Sumero uses UMA's Expiring Multi Party (EMP) Contracts to create Clay Synthetic Assets (cSynths). As UMA has deprecated these EMP contracts, Sumero has forked and created our own version of the EMP contracts which can be found here.
The ExpiringMultiParty (“EMP”) contract is the main star of Sumero. It’s what enables us to create a synthetic out of virtually any publicly available statistic. In theory, this could be anything from CPI and some currency index, to something as wacky as “an asset whose price follows the number of free throws LeBron James makes in a month”.
Every EMP contract represents a new type of synthetic asset, from which an unlimited amount of the synthetic token can be minted, given the sponsors supply enough collateral. Each EMP has an expiration date, where all sponsors and all holders of the synthetic token can “settle” for the underlying collateral.
The UMA team wrote the original EMP contract but stopped maintaining it recently. Thus we’ve had to fork the code, and have made a variety of changes to suit our needs. For the purposes of this document, see the EMP code here, which tracks the latest changes to the EMP code.
Sponsor: An Ethereum agent that provides USDC as collateral to the EMP contract, in exchange for freshly minted synthetic tokens for the contract.
Liquidator: An Ethereum agent that has started a liquidation claim on a sponsor’s position. This may be an attempt to liquidate the whole position or only a part of it.
Disputer: An Ethereum agent that has disputed an active liquidation.
Optimistic Oracle: UMA’s system for answering queries for different prices or numerical values.
File Structure / Inheritance
PricelessPositionManager allows sponsors to put up collateral and mint a synthetic asset.
Liquidatable inherits PricelessPositionManager, and allows anyone to create, dispute, and resolve liquidations for any EMP sponsor’s position.
ExpiringMultiParty inherits Liquidatable without adding any functionality, and is created through the use of ExpiringMultiParyCreator.
This contract handles the logic relating to:
Holding/managing collateral for sponsors, and allowing the minting of the synthetic asset
Managing positions: withdrawing, adding/removing collateral, paying back the synthetic debt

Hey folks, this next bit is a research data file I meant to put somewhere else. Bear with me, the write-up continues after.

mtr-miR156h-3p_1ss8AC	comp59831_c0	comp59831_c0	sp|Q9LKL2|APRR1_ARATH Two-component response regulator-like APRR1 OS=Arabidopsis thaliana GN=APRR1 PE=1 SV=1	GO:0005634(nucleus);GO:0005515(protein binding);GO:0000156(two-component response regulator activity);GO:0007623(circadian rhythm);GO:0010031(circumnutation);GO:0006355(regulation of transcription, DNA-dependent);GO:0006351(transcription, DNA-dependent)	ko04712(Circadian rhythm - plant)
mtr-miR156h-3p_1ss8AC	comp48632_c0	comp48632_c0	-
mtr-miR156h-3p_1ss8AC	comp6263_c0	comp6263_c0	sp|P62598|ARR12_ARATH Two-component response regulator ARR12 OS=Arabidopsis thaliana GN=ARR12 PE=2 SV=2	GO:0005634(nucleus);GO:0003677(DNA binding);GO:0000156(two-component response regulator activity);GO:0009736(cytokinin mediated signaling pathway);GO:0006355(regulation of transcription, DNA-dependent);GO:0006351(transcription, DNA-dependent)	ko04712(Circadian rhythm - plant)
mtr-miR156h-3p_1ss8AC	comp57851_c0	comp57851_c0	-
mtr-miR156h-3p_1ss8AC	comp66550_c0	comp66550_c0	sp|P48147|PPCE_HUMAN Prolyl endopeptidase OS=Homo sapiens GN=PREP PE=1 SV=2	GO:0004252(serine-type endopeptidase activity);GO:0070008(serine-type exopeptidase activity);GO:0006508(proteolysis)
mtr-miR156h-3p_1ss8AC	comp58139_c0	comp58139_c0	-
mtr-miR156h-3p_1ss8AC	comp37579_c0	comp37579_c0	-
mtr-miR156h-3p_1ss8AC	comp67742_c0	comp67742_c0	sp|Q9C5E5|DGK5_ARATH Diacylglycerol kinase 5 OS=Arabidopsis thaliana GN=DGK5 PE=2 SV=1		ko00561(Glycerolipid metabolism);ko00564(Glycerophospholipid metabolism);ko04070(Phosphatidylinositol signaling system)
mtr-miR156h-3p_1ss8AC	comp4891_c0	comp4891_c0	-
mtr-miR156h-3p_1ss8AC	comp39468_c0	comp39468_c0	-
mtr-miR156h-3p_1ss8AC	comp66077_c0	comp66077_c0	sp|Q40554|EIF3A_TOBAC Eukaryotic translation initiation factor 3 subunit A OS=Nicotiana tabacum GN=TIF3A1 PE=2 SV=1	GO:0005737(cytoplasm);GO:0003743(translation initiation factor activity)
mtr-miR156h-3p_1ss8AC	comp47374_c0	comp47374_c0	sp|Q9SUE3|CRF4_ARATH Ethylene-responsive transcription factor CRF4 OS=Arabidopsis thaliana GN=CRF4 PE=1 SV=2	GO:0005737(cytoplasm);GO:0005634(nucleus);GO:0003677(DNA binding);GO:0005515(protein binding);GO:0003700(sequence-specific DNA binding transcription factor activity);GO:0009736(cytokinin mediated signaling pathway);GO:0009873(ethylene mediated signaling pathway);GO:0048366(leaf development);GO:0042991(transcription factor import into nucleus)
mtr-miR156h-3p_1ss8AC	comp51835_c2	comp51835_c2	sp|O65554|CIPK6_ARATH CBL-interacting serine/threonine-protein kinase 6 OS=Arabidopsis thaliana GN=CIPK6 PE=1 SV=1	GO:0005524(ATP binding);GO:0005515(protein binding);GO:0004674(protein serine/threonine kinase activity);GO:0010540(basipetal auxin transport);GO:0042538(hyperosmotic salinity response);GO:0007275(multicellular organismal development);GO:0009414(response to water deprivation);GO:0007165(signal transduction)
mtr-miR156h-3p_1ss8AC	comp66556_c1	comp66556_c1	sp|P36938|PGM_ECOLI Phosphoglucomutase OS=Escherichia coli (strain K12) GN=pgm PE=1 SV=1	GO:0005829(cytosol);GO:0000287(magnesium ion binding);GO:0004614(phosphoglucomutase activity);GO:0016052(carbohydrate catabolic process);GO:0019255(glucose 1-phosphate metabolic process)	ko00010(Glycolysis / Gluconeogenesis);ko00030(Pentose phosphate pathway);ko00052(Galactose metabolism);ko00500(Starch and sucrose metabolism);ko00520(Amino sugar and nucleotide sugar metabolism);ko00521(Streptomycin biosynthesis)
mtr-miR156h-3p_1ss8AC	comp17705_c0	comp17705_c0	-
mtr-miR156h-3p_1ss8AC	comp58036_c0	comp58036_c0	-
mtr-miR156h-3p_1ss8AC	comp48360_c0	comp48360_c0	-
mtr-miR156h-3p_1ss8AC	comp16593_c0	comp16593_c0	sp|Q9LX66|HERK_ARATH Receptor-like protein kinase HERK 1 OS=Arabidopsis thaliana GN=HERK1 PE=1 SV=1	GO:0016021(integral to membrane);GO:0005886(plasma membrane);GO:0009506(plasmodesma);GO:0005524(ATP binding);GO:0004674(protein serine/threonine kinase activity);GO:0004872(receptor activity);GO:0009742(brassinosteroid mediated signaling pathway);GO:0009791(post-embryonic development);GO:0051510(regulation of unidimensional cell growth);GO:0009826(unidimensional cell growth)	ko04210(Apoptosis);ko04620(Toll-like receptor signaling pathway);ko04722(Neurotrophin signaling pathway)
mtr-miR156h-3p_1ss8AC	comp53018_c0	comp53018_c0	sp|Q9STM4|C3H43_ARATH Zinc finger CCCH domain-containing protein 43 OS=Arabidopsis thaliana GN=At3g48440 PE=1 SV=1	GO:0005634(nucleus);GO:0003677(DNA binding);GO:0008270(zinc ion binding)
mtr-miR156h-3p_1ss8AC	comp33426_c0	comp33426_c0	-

Upon expiration, allowing all sponsors and all synthetic asset holders to “settle” and receive underlying collateral from the contract.
A good way to think about this contract, in isolation from what inherits it, is that this contract would allow synthetic assets to be safely created if we assume that all sponsors will keep their position solvent, without needing any incentive to do so.
This contract handles the logic of creating, disputing, and settling liquidations, and ultimately relies on UMA’s OptimisticOracle to settle any disputes. This introduces the incentives and game theory to give strong guarantees that the EMP as a whole remains solvent throughout its life.
An Ethereum agent who holds some of the respective synthetic asset tokens can begin liquidating any position at any time, but they must also include a bond of the collateral currency. If it’s not disputed within a time limit, the system assumes the liquidation is legitimate and awards the liquidator: the synthetic asset provided is burned, and the underlying collateral is returned to the liquidator, which should be worth more than the synthetic asset, thus providing the incentive for the liquidator. The bond is also returned to the liquidator. This also punishes the sponsor. In this case, the OptimisticOracle is not even queried.
However, any liquidation can also be disputed by any agent with enough collateral to put their own bond of collateral currency up. In this case, a price is requested from UMA’s OptimisticOracle, and the bond amount is sent with the request. UMA’s OptimisticOracle eventually returns a price (using the priceIdentifier and possibly ancillaryData set upon EMP creation to know how to calculate the value). The EMP logic uses this returned price to determine whether the liquidation was legitimate or not.
If it was legitimate, the liquidator “wins” and gets an outcome similar to if the liquidation was never disputed, while the disputer loses his bond. If not, the liquidator loses his bond, and the disputer is the one who is rewarded.
So: the game theory here relies on an “end game” dispute, which will in theory always reward the agent that was able to correctly identify whether a liquidation was necessary. This motivates liquidators to try to only liquidate at-risk positions, and disputers to watch liquidations for invalid liquidations where the position was not actually at risk. It also motivates sponsors to watch their positions and keep them over-collateralized, to avoid liquidation.